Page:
Household hazardous waste

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A household hazardous waste collection center in Seattle, Washington, U.S.

Household hazardous waste (HHW) was a term coined by Dave Galvin from Seattle, Washington in 1982 as part of the fulfillment of a US EPA grant.[1] This new term was reflective of the recent passage of the Resource Conservation and Recovery Act of 1976 (RCRA 1976) in the US. This act and subsequent regulations strengthened the environmental protection requirements for landfills, in Subpart D, and created a "cradle to grave" management system for hazardous wastes, in Subpart C. From RCRA 1976 the US EPA promulgated rules in 1980 which explicitly excluded any wastes from household origins from regulation as a hazardous waste at the federal level.[2][3] Most US states adopted parallel regulations to RCRA 1976 but were allowed to be more stringent. California took advantage of this allowance and chose to not exempt household origin wastes from their state hazardous waste laws.[4] HHW products exhibit many of the same dangerous characteristics as fully regulated hazardous waste which are their potential for reactivity, ignitability, corrosivity, toxicity, or persistence. Examples include drain cleaners, oil paint, motor oil, antifreeze, fuel, poisons, pesticides, herbicides and rodenticides, fluorescent lamps, lamp ballasts containing PCBs, some smoke detectors, and in some states, consumer electronics (such as televisions, computers, and cell phones). Except for California, most states exclude HHW from their hazardous waste regulations and regulate the management of HHW largely under their solid waste regulatory schemes.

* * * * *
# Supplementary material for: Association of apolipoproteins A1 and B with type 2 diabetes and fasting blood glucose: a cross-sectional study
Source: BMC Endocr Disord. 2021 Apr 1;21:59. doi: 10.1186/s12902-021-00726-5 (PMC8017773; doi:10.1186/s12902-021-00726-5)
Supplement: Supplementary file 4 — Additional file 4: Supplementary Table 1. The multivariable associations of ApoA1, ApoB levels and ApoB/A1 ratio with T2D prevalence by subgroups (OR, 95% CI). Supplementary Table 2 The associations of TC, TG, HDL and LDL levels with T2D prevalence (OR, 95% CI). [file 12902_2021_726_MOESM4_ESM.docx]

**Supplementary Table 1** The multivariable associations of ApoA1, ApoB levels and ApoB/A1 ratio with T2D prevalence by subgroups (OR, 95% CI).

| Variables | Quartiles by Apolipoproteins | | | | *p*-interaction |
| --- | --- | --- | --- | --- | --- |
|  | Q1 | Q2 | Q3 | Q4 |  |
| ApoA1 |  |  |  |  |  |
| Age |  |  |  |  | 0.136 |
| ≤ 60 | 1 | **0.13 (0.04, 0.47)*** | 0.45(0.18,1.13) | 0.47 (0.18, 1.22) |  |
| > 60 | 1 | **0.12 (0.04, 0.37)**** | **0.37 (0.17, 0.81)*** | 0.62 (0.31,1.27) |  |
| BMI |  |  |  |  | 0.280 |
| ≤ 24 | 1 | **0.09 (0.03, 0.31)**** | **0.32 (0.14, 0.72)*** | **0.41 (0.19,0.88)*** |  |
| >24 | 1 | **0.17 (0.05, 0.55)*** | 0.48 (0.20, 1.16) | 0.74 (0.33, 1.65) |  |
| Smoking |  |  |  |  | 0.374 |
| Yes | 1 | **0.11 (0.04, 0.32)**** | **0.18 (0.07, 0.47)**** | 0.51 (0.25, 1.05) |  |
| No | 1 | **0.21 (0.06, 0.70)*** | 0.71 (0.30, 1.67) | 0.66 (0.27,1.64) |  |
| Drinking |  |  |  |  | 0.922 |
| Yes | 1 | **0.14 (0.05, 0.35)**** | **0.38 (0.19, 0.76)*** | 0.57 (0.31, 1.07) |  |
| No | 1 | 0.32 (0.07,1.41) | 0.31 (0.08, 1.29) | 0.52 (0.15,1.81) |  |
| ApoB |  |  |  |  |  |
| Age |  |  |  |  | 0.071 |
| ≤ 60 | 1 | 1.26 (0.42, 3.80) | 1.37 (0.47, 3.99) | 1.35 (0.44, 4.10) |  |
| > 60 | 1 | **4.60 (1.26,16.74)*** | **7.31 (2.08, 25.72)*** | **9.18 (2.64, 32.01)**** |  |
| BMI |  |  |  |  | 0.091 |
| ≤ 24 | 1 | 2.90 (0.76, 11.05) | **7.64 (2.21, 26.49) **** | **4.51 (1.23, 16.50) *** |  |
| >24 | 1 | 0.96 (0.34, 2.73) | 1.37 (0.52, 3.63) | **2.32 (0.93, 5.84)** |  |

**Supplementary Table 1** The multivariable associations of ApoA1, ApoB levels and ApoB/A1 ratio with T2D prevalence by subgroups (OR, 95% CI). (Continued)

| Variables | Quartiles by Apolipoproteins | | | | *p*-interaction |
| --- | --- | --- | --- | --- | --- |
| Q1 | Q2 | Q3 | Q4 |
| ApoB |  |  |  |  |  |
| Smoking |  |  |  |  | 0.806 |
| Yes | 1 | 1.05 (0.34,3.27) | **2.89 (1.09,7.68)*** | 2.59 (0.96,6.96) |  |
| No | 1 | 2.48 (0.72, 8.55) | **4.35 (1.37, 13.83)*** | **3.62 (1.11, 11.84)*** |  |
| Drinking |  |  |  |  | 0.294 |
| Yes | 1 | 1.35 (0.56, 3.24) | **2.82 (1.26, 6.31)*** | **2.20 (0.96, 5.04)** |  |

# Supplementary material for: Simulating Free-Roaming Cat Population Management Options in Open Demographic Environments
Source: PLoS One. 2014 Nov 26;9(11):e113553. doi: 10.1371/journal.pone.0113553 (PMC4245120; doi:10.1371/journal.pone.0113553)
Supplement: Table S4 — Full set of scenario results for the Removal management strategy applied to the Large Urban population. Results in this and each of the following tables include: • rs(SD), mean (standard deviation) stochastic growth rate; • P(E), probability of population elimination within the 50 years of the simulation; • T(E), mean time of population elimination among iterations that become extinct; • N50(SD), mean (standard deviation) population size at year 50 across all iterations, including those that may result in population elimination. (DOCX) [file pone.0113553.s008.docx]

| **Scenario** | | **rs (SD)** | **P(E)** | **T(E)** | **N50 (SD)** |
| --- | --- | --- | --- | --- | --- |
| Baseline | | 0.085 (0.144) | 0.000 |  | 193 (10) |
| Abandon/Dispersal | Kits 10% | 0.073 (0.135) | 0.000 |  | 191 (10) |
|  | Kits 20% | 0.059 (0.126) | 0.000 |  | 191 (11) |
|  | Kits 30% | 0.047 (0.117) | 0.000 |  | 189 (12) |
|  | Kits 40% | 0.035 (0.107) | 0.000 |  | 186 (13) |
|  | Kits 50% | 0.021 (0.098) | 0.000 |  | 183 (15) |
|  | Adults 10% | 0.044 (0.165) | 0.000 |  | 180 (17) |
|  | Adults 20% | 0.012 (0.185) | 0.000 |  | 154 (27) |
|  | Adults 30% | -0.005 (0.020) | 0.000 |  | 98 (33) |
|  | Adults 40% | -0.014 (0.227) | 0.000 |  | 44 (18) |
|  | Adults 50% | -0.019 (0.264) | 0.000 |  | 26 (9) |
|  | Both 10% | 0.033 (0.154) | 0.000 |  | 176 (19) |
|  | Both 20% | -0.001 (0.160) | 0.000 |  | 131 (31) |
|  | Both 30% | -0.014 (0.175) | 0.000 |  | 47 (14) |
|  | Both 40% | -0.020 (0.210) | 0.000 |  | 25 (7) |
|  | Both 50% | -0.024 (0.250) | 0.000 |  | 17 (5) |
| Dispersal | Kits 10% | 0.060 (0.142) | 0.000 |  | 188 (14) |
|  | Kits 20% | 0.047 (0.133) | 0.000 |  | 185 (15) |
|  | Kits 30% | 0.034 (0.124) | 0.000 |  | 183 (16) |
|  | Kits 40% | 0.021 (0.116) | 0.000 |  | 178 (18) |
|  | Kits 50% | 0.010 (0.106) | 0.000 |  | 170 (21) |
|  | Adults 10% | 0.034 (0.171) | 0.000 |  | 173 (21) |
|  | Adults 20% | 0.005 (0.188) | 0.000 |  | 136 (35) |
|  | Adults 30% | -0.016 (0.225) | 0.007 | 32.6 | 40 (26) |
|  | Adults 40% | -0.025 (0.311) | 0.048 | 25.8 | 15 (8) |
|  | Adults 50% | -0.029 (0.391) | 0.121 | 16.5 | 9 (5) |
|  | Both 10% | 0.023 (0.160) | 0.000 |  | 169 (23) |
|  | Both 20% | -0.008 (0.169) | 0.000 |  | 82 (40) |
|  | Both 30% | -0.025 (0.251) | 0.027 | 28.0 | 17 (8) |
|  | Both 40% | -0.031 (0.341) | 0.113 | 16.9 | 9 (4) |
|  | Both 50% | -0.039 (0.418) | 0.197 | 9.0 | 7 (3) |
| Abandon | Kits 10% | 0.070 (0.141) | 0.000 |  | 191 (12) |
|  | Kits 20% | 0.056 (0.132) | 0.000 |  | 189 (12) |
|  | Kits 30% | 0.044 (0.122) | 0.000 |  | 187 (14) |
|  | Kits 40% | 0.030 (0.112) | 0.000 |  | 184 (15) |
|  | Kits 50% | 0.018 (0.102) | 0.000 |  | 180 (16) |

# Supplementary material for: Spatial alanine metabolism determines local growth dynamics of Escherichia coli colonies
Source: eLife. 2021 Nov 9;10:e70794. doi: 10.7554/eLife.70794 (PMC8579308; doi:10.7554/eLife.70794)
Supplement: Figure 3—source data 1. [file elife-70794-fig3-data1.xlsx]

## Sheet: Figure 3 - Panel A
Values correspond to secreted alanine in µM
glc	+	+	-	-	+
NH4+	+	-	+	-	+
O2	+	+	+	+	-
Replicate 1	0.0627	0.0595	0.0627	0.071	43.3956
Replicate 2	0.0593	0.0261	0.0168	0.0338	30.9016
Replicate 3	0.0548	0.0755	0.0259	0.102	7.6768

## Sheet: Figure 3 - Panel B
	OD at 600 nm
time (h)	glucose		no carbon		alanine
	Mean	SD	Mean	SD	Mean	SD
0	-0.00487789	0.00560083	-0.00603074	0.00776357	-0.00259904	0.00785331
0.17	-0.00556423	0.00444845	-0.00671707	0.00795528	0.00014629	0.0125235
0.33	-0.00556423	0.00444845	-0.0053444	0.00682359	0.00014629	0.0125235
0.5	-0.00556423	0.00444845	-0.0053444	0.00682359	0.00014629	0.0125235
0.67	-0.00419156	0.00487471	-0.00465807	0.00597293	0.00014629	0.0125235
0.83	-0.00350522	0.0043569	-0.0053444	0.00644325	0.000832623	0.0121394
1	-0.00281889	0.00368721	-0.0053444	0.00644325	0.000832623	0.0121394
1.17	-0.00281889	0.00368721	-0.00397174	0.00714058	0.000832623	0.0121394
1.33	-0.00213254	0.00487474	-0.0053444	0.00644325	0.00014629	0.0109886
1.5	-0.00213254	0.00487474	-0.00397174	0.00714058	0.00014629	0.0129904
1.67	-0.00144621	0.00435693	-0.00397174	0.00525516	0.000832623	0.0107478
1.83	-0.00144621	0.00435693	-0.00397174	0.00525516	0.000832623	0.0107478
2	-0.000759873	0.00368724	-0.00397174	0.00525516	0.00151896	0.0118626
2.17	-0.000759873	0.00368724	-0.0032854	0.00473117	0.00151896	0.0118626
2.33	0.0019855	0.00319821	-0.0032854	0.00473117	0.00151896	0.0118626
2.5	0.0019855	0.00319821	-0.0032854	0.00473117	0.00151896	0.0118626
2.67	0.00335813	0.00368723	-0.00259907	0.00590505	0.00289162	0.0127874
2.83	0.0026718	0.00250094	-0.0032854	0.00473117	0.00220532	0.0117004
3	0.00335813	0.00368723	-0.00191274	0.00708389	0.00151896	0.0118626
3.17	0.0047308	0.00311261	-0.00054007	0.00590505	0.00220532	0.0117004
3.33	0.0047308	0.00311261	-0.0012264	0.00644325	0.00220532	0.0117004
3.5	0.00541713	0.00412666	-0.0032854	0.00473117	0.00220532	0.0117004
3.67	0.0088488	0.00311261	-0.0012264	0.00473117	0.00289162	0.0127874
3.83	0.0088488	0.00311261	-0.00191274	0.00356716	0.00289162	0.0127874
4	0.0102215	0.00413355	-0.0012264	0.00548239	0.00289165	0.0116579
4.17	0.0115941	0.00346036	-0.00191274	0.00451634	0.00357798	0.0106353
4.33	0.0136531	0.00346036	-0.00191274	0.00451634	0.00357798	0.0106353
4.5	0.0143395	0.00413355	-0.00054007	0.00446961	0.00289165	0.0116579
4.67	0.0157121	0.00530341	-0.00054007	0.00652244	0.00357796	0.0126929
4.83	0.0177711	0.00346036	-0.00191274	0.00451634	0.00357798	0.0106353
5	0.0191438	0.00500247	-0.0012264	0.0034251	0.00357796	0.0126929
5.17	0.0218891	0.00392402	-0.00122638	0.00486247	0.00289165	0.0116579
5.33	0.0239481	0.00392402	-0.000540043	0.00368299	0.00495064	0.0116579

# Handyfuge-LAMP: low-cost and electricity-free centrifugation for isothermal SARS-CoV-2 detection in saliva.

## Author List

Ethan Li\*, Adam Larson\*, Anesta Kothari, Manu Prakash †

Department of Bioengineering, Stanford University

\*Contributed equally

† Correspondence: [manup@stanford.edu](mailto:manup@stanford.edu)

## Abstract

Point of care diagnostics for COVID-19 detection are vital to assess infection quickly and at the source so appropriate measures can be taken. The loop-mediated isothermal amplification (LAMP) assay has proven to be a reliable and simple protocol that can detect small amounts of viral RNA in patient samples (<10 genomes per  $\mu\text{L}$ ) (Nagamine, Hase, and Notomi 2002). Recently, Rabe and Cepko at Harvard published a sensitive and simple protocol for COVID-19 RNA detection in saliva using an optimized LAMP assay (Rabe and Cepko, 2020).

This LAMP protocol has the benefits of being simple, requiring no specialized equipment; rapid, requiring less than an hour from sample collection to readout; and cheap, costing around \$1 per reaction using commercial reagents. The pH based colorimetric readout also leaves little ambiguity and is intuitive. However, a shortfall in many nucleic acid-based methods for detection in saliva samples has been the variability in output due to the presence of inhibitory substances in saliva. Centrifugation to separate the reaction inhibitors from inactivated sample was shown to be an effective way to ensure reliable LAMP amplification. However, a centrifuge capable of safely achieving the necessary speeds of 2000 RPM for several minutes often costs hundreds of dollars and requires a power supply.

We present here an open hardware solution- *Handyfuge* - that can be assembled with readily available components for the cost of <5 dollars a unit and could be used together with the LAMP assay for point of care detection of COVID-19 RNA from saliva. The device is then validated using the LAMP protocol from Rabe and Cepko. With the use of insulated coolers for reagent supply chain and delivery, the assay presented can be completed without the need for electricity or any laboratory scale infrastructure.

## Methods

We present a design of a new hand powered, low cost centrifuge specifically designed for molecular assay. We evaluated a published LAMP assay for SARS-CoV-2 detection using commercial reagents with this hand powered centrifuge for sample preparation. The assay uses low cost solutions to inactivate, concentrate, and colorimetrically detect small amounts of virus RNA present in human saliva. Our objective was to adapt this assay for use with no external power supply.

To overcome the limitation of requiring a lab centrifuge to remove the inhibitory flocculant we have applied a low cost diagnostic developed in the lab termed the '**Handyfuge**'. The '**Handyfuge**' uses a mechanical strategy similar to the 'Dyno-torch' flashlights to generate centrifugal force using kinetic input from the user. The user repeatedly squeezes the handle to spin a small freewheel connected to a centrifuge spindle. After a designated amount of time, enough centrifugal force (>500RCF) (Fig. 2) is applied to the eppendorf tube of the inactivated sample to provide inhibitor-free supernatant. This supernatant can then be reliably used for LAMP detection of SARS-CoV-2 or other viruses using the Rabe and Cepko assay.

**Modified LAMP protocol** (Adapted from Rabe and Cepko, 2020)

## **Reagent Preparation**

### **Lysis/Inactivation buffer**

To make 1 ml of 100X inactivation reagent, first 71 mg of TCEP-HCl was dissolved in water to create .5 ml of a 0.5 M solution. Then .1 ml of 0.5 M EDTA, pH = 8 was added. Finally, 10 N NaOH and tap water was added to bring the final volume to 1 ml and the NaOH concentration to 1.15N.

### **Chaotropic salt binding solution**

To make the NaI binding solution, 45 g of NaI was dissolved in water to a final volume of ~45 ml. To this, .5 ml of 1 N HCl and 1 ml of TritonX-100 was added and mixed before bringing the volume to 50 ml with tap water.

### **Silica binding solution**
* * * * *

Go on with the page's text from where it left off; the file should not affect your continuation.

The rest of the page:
Certain items such as batteries and fluorescent lamps can be returned to retail stores for disposal. The Rechargeable Battery Recycling Corporation (RBRC) maintains a list of battery recycling locations and your local environmental organization should have list of fluorescent lamp recycling locations. The classification "household hazardous waste" has been used for decades and does not accurately reflect the larger group of materials that during the past several years have become known as "household hazardous wastes". These include items such as latex paint, non-hazardous household products and other items that do not generally exhibit hazardous characteristics which are routinely included in "household hazardous waste" disposal programs. The term "home generated special materials" more accurately identifies a broader range of items that public agencies are targeting as recyclable and/or should not be disposed of into a landfill.